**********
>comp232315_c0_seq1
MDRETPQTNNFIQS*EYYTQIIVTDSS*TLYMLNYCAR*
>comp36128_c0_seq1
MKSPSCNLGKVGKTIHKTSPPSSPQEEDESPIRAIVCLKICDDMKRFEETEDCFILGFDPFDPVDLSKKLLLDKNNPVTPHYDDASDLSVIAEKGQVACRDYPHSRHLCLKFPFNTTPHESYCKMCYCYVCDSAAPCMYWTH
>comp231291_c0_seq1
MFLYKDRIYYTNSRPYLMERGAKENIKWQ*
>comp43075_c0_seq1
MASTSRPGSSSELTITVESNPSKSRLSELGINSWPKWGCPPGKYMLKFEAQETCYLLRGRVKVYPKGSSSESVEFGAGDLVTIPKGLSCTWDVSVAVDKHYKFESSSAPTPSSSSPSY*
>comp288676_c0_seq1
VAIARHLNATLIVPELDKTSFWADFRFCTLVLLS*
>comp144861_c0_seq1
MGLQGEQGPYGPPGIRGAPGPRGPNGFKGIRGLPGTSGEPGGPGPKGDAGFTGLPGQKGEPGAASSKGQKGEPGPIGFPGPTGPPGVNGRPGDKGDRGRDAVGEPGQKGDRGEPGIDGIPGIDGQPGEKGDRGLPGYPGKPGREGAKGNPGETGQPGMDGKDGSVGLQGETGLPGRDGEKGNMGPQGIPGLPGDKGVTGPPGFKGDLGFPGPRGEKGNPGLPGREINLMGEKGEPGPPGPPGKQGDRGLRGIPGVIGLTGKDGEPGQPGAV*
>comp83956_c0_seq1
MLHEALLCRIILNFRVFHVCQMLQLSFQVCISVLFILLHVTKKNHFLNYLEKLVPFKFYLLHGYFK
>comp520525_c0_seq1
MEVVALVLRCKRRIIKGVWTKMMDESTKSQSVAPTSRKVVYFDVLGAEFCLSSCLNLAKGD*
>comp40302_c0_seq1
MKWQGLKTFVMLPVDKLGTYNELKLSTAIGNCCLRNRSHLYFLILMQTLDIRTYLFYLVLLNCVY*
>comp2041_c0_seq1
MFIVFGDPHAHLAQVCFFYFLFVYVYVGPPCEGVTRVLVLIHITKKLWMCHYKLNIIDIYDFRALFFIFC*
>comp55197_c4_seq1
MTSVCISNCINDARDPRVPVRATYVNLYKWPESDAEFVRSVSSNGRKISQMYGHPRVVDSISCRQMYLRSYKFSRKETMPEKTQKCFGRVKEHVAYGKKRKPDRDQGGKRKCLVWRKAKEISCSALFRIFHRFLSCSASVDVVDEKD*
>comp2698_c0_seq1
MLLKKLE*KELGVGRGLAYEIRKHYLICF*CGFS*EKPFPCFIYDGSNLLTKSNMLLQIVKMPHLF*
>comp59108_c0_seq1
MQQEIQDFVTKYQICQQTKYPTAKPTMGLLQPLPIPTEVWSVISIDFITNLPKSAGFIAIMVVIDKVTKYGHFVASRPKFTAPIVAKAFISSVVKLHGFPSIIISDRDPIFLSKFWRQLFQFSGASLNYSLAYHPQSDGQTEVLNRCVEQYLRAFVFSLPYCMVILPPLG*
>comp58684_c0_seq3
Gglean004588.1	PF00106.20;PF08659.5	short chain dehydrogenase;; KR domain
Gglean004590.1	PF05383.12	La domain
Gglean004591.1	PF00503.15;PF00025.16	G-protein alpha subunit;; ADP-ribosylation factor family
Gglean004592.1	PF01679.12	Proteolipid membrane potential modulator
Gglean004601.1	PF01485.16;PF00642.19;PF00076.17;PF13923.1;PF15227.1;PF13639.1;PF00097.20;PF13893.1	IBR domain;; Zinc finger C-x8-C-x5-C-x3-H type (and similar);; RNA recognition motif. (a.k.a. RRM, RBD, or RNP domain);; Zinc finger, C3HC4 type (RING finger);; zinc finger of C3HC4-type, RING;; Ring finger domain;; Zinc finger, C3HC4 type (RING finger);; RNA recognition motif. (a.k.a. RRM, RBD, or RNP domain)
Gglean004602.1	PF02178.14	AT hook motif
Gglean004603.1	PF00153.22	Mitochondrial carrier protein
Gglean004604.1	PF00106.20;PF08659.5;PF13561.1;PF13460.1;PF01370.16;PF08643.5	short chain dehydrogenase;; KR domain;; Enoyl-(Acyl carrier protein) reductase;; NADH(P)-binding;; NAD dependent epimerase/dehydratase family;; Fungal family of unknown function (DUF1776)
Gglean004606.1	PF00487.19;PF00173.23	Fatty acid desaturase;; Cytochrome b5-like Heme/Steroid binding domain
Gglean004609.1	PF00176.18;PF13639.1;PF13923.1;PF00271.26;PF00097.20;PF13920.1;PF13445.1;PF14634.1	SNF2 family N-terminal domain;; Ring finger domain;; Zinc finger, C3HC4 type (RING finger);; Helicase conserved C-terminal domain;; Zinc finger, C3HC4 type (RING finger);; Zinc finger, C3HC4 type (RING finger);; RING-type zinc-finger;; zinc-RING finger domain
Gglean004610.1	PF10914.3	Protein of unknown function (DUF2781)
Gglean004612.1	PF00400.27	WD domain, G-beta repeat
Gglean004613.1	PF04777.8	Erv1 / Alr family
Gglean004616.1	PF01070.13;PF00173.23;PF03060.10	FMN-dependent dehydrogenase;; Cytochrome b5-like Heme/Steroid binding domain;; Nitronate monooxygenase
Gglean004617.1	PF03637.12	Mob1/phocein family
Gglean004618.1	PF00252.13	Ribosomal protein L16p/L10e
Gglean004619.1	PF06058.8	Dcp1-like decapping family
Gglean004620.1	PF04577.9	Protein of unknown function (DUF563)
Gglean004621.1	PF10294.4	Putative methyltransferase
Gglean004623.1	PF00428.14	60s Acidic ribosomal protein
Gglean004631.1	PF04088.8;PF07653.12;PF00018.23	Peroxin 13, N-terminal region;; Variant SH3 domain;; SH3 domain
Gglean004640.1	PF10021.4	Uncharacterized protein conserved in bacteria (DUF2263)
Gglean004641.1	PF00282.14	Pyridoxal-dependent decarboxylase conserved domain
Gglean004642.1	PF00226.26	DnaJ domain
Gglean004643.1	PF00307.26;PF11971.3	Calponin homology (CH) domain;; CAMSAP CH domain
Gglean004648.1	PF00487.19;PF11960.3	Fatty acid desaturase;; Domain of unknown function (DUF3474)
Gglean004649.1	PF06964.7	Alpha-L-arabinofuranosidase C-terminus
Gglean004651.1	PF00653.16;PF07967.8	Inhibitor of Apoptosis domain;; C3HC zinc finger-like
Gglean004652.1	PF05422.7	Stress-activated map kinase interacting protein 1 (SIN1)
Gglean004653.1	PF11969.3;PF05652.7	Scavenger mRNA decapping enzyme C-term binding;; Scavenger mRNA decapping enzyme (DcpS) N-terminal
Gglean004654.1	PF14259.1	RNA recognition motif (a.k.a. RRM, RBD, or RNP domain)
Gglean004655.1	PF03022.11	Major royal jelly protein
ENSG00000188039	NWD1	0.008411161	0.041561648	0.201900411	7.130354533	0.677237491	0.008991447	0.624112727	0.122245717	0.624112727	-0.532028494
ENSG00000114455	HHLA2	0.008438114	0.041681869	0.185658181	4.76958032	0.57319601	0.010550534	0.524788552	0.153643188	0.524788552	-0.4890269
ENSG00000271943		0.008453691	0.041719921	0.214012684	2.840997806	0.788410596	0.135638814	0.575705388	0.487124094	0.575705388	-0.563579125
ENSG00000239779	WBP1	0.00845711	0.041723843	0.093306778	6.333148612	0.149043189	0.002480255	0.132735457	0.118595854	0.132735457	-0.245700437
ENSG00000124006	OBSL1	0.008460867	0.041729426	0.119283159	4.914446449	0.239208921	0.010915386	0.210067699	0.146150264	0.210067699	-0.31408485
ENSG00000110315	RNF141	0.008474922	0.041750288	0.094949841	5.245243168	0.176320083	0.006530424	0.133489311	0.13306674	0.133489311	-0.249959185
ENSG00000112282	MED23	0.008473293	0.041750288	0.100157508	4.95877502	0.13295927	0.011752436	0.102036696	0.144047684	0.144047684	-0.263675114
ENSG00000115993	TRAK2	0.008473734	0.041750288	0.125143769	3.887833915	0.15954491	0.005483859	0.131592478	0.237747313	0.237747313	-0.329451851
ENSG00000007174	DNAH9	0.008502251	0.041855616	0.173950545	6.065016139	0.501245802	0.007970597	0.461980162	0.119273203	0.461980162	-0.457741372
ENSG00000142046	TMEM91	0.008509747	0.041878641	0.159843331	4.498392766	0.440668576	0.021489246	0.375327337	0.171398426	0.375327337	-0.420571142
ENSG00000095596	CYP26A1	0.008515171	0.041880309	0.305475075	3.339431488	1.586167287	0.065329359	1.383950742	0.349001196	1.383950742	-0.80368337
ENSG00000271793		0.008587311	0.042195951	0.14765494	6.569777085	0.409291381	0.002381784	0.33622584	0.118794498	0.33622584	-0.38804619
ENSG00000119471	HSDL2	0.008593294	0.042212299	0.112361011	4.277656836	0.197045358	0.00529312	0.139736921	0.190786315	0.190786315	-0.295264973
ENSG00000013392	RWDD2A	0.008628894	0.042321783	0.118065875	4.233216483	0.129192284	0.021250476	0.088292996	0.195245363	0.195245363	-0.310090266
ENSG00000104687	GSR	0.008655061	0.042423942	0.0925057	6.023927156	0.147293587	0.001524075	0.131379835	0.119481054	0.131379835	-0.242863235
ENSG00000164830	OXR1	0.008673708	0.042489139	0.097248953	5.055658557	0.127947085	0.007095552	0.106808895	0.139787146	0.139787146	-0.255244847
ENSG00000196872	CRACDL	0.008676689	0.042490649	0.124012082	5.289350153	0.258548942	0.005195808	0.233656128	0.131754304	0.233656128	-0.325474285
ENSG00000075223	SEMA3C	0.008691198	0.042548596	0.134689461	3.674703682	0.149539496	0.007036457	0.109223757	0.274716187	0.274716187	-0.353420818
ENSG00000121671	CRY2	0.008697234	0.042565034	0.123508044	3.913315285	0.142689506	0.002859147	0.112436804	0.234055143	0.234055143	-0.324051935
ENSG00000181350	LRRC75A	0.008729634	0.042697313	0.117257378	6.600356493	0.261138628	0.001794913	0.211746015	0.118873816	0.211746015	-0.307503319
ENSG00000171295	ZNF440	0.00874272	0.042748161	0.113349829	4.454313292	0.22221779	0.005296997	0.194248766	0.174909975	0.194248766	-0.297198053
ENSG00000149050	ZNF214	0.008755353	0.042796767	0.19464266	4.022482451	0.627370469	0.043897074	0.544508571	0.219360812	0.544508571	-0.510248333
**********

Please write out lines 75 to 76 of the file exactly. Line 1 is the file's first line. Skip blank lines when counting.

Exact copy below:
ENSG00000164830	OXR1	0.008673708	0.042489139	0.097248953	5.055658557	0.127947085	0.007095552	0.106808895	0.139787146	0.139787146	-0.255244847
ENSG00000196872	CRACDL	0.008676689	0.042490649	0.124012082	5.289350153	0.258548942	0.005195808	0.233656128	0.131754304	0.233656128	-0.325474285